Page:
Monet's Series Paintings Reunited
BOSTON — AMONG major exhibitions, there are great shows, and there are important ones. ``Monet in the '90s: The Series Paintings,'' which opened yesterday at the Museum of Fine Arts here, is an important one: In new and vital ways it not only illuminates Monet's contributions to the Impressionist vision during the 1890s, but for the first time in nearly a century reunites many of Monet's finest series paintings.
Among them are the famous Grainstacks (not Haystacks, as is commonly thought), Poplars, and Rouen Cathedral series, as well as the lesser-known series of the cliffs of Varengeville and Dieppe, Mount Kolsaas in Norway, and the Japanese footbridge over Monet's lily pond.
The show is not, however, a great one. For one thing, marvelous though the paintings may be, they appear to have been brought together at least as much for instructional as for aesthetic purposes. For another, the selection is limited by its theme to a very small portion of this great artist's incredibly diverse production.
``Monet in the '90s'' appears to exist primarily to fill a number of gaps left by previous Monet exhibitions; to present new insights into his work of the 1890s; and to clarify Monet's response to Post-Impressionism and Neo-Impressionism. That's fine - especially since so many superb paintings are used to good advantage. It would be wrong, however, to assume that this alone places the show on a level with the much more fully rounded and truly great Degas and Vel'azquez exhibitions held in New York recently, or with the Museum of Fine Art's own Renoir show held here a few years ago.
I bring this up because of the massive publicity this show has received, and the implication that this is a more inclusive exhibition than it really is. Tickets, priced at $7 and $9 for adults, have been on sale through Ticketron since November.
What ``Monet in the '90s'' actually is becomes clear in the preface to the catalogue, which calls it ``the most comprehensive exhibition of Monet's series ever assembled.'' It continues, ``...The show recreates as fully as possible Monet's own exhibitions of the 1890s. For the first time viewers will be able to assess the works' collective impact ... and to investigate fully the role of serialized imagery in Monet's art.''
The show's 90 paintings represent 16 of the artist's series executed between 1889 and 1900, and are on loan from 30 museums and 25 private collectors. The Museum of Fine Arts has included 11 of its own 38 Monet canvases.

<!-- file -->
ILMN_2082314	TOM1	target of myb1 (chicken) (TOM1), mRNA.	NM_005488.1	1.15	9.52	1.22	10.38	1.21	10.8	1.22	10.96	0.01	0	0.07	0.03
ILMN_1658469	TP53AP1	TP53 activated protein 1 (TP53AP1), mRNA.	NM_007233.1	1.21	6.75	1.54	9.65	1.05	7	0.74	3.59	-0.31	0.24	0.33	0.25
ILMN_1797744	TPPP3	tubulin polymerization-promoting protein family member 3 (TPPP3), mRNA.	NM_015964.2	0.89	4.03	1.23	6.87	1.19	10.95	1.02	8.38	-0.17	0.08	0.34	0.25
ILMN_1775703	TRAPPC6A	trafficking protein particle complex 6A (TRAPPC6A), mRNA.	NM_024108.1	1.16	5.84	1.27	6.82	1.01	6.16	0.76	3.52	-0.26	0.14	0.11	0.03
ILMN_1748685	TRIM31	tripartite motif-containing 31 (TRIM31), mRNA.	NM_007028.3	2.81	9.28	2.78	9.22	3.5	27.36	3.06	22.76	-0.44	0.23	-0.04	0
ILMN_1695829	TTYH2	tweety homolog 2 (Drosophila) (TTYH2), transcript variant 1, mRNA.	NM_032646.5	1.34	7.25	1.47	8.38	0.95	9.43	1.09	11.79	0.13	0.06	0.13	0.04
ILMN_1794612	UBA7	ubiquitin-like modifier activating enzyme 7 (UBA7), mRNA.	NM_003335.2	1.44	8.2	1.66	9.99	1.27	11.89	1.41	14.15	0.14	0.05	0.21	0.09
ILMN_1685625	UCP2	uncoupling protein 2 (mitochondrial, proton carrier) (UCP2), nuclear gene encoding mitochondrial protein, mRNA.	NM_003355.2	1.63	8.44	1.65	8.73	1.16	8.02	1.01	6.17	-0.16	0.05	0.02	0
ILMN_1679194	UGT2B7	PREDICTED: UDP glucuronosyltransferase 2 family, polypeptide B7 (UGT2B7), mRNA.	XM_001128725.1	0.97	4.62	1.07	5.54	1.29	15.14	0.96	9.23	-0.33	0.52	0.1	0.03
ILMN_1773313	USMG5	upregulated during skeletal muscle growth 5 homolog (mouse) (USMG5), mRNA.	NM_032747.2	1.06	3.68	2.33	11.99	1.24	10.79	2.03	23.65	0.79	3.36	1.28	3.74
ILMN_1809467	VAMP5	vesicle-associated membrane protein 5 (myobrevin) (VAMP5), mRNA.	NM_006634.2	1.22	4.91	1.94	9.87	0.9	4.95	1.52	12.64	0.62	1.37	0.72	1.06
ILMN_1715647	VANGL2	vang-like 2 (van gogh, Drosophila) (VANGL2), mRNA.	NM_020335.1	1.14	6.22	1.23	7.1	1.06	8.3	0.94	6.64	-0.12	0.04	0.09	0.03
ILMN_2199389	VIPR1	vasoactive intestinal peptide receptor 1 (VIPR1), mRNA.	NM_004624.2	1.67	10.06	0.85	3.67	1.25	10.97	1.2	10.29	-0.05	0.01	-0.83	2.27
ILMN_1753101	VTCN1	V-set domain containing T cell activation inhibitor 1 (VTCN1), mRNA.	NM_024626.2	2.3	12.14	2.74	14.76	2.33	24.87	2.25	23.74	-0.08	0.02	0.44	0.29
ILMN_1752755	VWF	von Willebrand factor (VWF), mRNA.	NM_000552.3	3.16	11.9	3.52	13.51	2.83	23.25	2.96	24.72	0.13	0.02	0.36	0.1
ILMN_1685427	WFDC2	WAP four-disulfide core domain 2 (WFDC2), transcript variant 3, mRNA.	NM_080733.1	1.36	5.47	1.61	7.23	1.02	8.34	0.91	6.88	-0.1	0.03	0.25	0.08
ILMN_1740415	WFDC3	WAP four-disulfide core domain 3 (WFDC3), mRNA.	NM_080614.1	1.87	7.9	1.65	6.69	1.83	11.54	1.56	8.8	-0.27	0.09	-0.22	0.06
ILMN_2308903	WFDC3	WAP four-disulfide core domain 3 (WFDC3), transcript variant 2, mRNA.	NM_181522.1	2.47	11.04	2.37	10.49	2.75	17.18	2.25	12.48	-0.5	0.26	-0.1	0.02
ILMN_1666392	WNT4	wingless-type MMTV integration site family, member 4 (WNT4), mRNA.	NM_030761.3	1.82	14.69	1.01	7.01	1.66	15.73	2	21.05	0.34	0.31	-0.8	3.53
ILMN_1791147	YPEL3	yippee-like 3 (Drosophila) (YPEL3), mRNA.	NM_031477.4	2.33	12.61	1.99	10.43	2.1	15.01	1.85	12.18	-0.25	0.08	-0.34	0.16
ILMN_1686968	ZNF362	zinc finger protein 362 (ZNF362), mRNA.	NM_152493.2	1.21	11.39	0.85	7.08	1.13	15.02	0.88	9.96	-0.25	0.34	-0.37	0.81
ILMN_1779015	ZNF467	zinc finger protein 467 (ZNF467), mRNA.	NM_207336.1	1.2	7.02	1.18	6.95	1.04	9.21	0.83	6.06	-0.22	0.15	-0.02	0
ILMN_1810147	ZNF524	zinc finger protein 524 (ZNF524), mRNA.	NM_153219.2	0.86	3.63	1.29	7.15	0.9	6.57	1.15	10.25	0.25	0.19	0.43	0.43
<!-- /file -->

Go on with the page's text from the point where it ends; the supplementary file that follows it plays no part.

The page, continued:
The viewer enters the museum's Gund Gallery to discover a solid wall of richly painted canvases that appear a bit darker and more somber than one would expect from Monet at so relatively late a date in his career. Each depicts the same geographic region but at a different time of the day and under different light conditions. Together they make up the ``Creuse Valley'' paintings, Monet's first true series, which he painted in 1889. Of the 10 known canvases in the series, seven are in the show.
To say that two or three ravishing paintings are included among them is to be guilty of understatement. Although this series is in many ways the most ``conservative'' of the 16 on view, it is also the most solidly painted and warmly felt. Much of that, of course, is due to the fact that it is the least purely ``optical'' and theoretical series of the lot.
Moving deeper into the exhibition, one encounters what is probably Monet's most famous series, ``The Grainstacks.'' Simple, effective, and about as revolutionary as anything he ever did, they not only celebrate the almost infinite variety of light that can be found in the country during different times of the day and during different seasons; they reaffirm Monet's pride in, and commitment to, French life and culture.
Of particular interest because of their elegance, decorative patterning, and daring painterly qualities, are the 11 canvases included here from the ``Poplars'' series (there are 24 in all). If everything else Monet produced were to disappear, these would still prove he was a master. And yet he almost didn't paint them. The village that owned them decided to cut them down and sell their wood at auction. Monet went into partnership with a wood merchant, promising to give him the trees if he shared expenses with him and allowed the trees to stand until Monet completed the series.
The ``Rouen Cathedral'' series also ranks high among art lovers. Of the 30 canvases in the series, nine are included. Painted between 1892 and 1894, these pictures constitute a high-water mark for Monet as well as for late 19th-century French painting. The artist focused almost exclusively on the shifting effects of light on stone, spending months studying and painting the cathedral from rooms across the square.
To do justice to the works in the show would require a book, and fortunately such a book exists in the form of the exhibition catalogue. Both the text and color reproductions are outstanding. ``Monet in the '90s'' was organized by the Museum of Fine Arts and conceived by guest curator by Paul Hayes Tucker, who also wrote the catalog text. Peter C. Sutton was responsible for supervising and administering the show.
Admission to ``Monet in the '90s'' is by ticket, for a reserved date and time of entry. They are available through Ticketron and at the museum's ``Monet'' box office. After its close here on April 29, this excellent and important exhibition travels to the Art Institute of Chicago (May 19-Aug. 12), and the Royal Academy in London (Sept. 7-Dec. 9).